British pub operator JD Wetherspoon reported a 20% rise in first-half pretax profit on Friday, lifted by strong sales of coffees and breakfasts.
"This is the evolution of the pub," Finance Director Jim Clarke told Reuters on Friday. "As long as we make the coffees well, we make similar margins to beer, and it's similar with breakfasts."
Wetherspoon raised its interim dividend by 150% to 4 pence a share, bringing it back into line with the sector. But it was cautious about the second half.
"Following strong like-for-like sales until Christmas, sales growth slowed in January and February," said Chairman Tim Martin.
"In view of the increase in wages and utility costs, combined with slower sales growth, the company is cautious about the outcome in the second half," he added. "The company is targeting like-for-like growth in the second half year of about 2-4%."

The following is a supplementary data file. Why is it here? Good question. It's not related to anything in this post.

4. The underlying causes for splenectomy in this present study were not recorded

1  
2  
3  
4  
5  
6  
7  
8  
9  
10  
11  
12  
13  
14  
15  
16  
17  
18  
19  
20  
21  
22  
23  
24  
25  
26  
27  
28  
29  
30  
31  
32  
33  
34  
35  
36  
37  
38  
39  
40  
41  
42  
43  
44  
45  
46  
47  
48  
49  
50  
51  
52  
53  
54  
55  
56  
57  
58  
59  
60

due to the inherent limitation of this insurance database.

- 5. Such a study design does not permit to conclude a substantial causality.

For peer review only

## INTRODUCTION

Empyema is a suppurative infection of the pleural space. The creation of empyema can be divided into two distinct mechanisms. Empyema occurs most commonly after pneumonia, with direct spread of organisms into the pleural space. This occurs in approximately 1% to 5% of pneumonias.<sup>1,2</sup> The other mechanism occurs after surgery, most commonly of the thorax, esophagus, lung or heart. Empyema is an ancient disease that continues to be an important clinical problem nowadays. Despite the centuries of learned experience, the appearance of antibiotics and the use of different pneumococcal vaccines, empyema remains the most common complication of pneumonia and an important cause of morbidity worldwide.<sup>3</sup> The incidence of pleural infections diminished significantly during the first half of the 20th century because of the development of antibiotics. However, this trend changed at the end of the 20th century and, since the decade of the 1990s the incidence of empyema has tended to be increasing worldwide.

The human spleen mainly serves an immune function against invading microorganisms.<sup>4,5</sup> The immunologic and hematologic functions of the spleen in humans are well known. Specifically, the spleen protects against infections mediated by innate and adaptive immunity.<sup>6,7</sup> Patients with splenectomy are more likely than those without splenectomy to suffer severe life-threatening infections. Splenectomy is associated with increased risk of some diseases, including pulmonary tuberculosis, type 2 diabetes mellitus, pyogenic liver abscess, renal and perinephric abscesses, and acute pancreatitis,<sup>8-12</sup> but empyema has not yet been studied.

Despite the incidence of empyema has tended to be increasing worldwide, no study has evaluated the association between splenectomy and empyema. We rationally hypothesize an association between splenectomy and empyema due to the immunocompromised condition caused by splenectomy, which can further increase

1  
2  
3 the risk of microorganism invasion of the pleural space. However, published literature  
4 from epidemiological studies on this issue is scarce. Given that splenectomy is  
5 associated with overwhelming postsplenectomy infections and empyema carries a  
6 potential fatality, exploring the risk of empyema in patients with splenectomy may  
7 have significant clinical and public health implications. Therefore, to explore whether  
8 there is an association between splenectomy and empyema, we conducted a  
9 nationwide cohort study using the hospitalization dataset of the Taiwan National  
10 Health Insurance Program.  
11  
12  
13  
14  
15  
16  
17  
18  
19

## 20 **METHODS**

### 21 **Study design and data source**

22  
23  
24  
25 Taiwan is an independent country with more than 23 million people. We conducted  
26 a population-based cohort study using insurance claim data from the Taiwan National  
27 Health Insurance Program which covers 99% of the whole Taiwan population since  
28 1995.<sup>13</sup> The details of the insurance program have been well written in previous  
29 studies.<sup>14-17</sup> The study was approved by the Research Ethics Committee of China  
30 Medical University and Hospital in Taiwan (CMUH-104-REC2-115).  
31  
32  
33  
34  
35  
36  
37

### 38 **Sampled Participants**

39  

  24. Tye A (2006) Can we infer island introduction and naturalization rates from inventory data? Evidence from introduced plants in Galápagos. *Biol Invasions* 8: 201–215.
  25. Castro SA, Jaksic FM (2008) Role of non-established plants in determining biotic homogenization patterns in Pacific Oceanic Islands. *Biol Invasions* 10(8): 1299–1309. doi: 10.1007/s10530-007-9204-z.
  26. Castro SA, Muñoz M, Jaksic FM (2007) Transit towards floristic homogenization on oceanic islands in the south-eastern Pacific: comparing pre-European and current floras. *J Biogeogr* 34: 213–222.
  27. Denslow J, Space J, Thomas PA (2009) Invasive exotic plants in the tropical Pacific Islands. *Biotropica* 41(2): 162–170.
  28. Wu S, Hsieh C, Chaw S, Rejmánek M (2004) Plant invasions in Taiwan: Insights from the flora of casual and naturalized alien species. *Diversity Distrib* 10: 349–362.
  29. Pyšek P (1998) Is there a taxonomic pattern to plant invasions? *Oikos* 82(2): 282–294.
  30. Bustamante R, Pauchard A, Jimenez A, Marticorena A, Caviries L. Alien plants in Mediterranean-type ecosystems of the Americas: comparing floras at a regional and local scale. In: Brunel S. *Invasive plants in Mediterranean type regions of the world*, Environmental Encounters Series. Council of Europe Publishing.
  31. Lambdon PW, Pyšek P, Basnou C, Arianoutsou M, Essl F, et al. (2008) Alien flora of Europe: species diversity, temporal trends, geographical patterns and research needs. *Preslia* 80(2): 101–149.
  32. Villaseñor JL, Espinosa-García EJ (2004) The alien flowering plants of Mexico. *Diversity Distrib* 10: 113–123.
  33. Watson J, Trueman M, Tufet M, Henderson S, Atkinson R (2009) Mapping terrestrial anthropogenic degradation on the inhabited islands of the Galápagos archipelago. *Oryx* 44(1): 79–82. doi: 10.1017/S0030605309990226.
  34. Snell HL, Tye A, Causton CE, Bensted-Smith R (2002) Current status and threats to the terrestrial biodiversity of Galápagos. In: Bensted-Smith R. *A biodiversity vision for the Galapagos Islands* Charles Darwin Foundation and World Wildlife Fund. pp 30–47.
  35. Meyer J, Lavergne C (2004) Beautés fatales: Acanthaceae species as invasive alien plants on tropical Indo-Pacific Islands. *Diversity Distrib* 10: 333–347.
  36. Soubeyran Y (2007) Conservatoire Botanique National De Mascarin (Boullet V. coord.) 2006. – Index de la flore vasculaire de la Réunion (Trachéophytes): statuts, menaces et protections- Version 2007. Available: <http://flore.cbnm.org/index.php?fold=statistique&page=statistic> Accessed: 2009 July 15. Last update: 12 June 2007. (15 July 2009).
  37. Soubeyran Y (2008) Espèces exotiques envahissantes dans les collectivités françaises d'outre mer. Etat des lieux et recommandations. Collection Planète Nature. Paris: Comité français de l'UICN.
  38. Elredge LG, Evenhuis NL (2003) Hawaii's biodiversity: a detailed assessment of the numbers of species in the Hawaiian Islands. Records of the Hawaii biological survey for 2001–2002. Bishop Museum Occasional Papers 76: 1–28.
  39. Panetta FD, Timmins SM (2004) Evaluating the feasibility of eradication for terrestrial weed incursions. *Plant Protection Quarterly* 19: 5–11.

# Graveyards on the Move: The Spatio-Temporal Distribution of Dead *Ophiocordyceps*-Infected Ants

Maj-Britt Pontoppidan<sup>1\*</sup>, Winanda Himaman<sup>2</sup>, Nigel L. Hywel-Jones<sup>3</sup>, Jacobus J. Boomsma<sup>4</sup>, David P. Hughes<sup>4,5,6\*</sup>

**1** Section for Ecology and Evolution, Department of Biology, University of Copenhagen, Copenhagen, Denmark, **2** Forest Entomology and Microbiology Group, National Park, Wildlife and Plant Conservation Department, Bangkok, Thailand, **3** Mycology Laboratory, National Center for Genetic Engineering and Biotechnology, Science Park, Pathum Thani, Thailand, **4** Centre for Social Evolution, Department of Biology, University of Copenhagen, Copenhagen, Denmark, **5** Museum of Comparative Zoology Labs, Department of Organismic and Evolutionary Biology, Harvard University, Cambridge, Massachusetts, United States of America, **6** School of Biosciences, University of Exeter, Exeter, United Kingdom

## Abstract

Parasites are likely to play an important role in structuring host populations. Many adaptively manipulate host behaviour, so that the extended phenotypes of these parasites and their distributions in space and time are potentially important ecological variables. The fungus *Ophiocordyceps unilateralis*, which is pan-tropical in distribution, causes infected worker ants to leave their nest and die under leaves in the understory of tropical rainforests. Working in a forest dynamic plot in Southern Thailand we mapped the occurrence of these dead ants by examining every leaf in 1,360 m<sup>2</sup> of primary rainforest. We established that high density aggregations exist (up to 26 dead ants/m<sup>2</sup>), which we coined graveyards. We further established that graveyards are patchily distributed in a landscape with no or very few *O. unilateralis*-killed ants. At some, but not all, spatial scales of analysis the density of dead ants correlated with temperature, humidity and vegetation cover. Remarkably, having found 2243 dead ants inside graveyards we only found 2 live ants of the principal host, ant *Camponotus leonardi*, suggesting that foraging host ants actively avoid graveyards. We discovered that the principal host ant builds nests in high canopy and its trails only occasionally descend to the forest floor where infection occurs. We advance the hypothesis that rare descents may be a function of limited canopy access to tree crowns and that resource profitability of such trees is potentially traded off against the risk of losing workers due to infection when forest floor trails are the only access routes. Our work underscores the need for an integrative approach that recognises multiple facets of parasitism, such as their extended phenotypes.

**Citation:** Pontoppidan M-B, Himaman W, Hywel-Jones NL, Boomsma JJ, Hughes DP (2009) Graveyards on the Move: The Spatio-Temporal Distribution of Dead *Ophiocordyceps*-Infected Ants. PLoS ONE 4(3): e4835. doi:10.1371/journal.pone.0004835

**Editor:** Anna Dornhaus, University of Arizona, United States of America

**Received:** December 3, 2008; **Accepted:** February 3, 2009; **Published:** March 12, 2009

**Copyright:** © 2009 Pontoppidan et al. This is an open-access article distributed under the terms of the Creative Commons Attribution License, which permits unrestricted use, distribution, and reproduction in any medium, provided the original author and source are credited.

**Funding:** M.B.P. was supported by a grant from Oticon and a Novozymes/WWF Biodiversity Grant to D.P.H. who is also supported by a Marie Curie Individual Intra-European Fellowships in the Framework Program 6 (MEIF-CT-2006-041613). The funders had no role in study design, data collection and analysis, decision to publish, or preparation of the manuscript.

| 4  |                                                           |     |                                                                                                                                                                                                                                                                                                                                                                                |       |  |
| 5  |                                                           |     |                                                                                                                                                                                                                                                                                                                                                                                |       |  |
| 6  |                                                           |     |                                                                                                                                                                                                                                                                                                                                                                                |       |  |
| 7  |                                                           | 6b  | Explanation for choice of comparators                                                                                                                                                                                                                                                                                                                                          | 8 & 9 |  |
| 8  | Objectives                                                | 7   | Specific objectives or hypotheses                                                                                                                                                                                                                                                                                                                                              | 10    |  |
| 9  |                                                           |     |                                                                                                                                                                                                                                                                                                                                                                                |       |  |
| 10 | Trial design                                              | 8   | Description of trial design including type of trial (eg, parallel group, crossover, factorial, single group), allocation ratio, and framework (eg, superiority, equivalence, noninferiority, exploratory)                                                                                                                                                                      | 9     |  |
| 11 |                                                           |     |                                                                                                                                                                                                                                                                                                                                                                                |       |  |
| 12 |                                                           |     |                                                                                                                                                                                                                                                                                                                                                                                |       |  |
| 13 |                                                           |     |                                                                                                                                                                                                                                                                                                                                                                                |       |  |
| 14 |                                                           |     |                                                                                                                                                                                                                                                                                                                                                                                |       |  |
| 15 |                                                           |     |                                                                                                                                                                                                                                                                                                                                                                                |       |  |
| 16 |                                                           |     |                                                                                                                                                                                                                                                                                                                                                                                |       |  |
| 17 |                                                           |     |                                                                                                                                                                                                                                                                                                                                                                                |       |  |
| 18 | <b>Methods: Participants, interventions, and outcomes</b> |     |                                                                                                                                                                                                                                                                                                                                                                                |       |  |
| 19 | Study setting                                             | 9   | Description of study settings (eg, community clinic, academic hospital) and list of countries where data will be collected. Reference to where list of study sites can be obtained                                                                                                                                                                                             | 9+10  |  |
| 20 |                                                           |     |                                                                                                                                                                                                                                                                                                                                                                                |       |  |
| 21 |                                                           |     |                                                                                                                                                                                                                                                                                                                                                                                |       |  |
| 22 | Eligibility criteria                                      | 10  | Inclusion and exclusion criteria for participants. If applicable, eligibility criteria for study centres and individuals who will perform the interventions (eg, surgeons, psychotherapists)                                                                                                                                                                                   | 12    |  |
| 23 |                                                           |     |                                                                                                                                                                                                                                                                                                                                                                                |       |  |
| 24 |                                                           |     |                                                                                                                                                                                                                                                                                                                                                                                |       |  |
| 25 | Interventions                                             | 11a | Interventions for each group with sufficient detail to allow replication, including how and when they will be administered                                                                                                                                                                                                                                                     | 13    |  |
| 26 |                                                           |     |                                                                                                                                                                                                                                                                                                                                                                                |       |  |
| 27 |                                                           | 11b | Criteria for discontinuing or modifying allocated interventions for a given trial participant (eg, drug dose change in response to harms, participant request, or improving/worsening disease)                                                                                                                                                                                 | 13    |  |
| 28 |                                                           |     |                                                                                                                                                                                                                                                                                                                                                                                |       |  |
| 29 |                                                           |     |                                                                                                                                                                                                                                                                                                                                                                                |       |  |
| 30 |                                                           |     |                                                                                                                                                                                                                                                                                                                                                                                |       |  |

Profit before tax was 32.9 million pounds ($64.4 million) in the six months to Jan. 28, compared to 27.4 million a year earlier.
Wetherspoon maintained its emphasis on food sales, which it said had grown to around 6,700 pounds per pub per week from around 500 pounds when it floated on the stock market in 1992.
The group said it was now selling about 450,000 coffees a week and about 230,000 breakfasts. It said traditional ale sales were growing at around 5%, and it now sells more Swedish Kopparberg cider than the company sells itself in Sweden.